YAOUNDÈ, Cameroon – As the international community works to end statelessness by 2024 within the context of the #IBelong campaign, a leading African prelate has outlined some of the major factors driving statelessness on the continent.

Speaking at an online conference organized by a commission of the Symposium of Episcopal Conferences of Africa and Madagascar (SECAM), Archbishop Joseph Buti Tlhagale of Johannesburg in South Africa said armed conflicts, seasonal migration and human trafficking were some of the factors responsible.

“Conflicts in African countries over a long period and wars are the reason for so many stateless children,” said Tlhagale, who is also a member of the UNHCR-Religions for Peace Multi-Religious Council of Leaders and a supporter of the #IBelong campaign.

The 1954 Convention relating to the status of Stateless Persons defines a stateless person as an individual “who is not considered as a national by any state under the operation of its law.” In other words, a stateless person does not have the nationality of any country. Some people are born stateless, but others become so for one reason or another.

The 75-year old archbishop said statelessness can be a result of people moving with ease across borders, and noted that especially moving children across borders means they “do not really belong, or try to claim the nationality, of either country, and so they move in and out of two or three countries, and over a long period of time end up being stateless because they do not belong or have documents.”

The cleric also talked about seasonal migrants who “by virtue of being seasonal, they do not reside in one area or in one country, and do not register the birth of their children.”

In addition, human trafficking and climate change -induced migration are also factors to be blamed for the increase in stateless children in Africa.

“In some cases, children who are trafficked remain stateless and grow into adulthood without proper documents”, Tlhagale said.

“Climate change often forces families to move, to search for better opportunities… There are many reasons why Africa still has huge numbers of stateless people,” the cleric explained further.

It’s typically hard to state the number of stateless people globally, but the 2020 World Statelessness Report by the Institute on Statelessness and Inclusion (ISI) estimates that 15 million persons are stateless worldwide, with Ivory Coast alone containing nearly a million stateless people.

The report also concedes, however, that “fewer than half of all countries in the world submit any data, and some of the most populous countries in the world with large suspected stateless populations do not report on statelessness at all”. The figures therefore may pale in comparison to the real situation.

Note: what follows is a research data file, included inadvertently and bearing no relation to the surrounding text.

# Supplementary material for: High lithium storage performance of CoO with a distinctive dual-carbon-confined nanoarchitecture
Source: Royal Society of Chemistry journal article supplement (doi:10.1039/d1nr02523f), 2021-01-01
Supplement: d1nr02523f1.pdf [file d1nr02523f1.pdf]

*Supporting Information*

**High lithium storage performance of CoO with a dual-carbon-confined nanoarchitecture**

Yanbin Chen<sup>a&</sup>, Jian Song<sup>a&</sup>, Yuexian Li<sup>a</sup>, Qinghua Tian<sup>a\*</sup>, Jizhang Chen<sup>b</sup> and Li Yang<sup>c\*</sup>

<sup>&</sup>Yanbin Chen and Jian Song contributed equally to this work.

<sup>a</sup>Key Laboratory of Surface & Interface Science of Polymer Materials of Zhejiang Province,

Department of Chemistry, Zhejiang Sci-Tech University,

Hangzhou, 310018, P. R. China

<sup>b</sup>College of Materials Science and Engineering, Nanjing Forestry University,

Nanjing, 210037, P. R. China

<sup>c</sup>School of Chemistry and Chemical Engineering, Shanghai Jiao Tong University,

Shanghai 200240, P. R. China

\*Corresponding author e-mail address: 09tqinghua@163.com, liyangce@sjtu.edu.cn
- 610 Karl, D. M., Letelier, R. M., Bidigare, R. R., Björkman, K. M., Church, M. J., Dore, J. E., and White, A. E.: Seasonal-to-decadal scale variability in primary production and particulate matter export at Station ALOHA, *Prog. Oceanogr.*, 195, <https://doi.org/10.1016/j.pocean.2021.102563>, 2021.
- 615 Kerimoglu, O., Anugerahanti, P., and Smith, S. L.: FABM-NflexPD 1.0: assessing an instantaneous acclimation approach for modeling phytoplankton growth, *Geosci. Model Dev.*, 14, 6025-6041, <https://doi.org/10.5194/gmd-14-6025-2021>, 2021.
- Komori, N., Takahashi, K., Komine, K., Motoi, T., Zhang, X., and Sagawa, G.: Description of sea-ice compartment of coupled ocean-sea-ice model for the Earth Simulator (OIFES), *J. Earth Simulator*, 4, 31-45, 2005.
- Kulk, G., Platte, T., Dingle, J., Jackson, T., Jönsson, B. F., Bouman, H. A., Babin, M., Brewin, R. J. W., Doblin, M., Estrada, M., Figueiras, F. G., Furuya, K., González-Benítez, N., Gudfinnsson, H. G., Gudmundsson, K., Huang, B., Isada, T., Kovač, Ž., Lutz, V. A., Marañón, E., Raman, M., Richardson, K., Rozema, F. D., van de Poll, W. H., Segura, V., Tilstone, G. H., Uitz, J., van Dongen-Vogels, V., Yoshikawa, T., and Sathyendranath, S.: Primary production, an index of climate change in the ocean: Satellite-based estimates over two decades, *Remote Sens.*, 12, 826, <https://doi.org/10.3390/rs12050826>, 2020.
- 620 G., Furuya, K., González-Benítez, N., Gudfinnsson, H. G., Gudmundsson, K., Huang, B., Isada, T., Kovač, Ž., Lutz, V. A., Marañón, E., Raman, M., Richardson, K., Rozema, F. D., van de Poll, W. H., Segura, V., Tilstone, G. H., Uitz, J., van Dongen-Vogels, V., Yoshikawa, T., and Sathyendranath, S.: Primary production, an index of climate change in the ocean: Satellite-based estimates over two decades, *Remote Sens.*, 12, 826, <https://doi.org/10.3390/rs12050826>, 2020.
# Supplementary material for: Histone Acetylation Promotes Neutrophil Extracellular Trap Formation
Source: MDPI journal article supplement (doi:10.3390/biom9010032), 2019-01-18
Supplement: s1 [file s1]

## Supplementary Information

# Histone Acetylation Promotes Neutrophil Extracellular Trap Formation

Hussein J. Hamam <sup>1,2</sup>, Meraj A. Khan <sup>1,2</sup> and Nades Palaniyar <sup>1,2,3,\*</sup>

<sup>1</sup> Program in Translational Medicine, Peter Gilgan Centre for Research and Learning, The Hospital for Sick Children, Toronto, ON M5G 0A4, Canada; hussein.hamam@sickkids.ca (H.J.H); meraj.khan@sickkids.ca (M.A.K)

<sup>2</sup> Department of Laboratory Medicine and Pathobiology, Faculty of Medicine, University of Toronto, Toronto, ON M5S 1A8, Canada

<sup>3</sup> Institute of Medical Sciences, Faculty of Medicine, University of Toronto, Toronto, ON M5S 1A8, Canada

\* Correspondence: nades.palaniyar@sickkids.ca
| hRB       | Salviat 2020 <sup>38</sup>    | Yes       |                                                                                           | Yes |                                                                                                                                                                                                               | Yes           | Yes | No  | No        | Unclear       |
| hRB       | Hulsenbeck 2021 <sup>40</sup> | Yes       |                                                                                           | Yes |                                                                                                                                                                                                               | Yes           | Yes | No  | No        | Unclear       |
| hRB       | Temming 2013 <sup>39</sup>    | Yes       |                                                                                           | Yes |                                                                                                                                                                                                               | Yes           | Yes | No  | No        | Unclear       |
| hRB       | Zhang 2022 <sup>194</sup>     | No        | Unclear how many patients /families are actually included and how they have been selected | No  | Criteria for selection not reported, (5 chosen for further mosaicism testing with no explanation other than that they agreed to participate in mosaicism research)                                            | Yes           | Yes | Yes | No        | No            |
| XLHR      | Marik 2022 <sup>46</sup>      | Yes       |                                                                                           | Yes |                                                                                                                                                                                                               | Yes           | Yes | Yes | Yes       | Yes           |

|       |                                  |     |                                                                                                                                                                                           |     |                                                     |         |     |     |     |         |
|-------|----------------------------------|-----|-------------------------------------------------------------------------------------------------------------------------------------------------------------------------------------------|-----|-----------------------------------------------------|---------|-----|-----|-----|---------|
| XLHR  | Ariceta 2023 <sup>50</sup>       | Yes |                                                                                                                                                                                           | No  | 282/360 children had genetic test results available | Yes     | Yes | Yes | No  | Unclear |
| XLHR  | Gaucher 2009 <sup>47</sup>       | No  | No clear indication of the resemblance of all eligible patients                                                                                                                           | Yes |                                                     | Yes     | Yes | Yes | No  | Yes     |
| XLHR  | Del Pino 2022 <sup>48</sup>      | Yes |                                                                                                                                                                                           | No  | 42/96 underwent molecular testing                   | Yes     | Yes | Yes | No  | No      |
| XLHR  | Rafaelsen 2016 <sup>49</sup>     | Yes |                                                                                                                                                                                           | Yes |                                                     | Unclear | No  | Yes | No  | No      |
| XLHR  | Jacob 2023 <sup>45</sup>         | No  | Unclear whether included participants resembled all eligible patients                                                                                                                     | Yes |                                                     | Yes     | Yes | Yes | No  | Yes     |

A study conducted by the Scalabrini Institute for Human Mobility in Africa (SIHMA) states that “Childhood statelessness is an increasing issue in South Africa. A considerable number of migrant children in South Africa are stateless or at risk of statelessness.”

It further states that “childhood statelessness has a number of pathways … A lack of birth registration, the perpetuation of statelessness from one generation to the next when the children are born of stateless parents, undocumented children not knowing their nationality, and unfair laws preventing children from access to a nationality.”

Such statelessness means that the affected people aren’t often allowed to go to school, see a doctor, get a job, open a bank account, buy a house or even get married.

Tlhagale said he regretted that African governments typically neglect to deal decisively with the problem, and therefore children are denied their basic rights.

“The state has not seen it as its duty to ensure that children are registered at birth,” he charged. “People do not know the procedures for registering children, especially in rural areas, and the government has not put safeguards in place that will ensure that children are registered at birth.”

He said the Catholic Church in South Africa has been doing what it can to assist stateless children, noting that religious sisters “work a lot with women and children.”

The “Scalabrini Sisters and the Sisters of Charity of Mother Teresa take in quite a number of young children and teenagers who are stateless because they are here on their own”, he said.

“Private schooling has been created by some of the schools here for children without documentation. So yes, the church does play a big role.”

From 26-29 February,2024, some 300 people with lived and learned experience of statelessness from across the globe will meet at Taylor’s University in Kuala Lumpur, Malasia to exchange knowledge, perspectives, ideas and skills on the subject of statelessness.

Organized by the Institute on Statelessness and Inclusion (ISI), Nationality for All (NFA) and Development of Human Resources for Rural Areas (DHRRA) Malaysia, the conference will focus on the three themes of solidarity, knowledge and change in view of helping end statelessness.

The #IBelong Campaign to End Statelessness by 2024 was launched by the United Nations High Commissioner for Refugees in November 2014. The campaign has proposed a 10-point action program, which can be found here.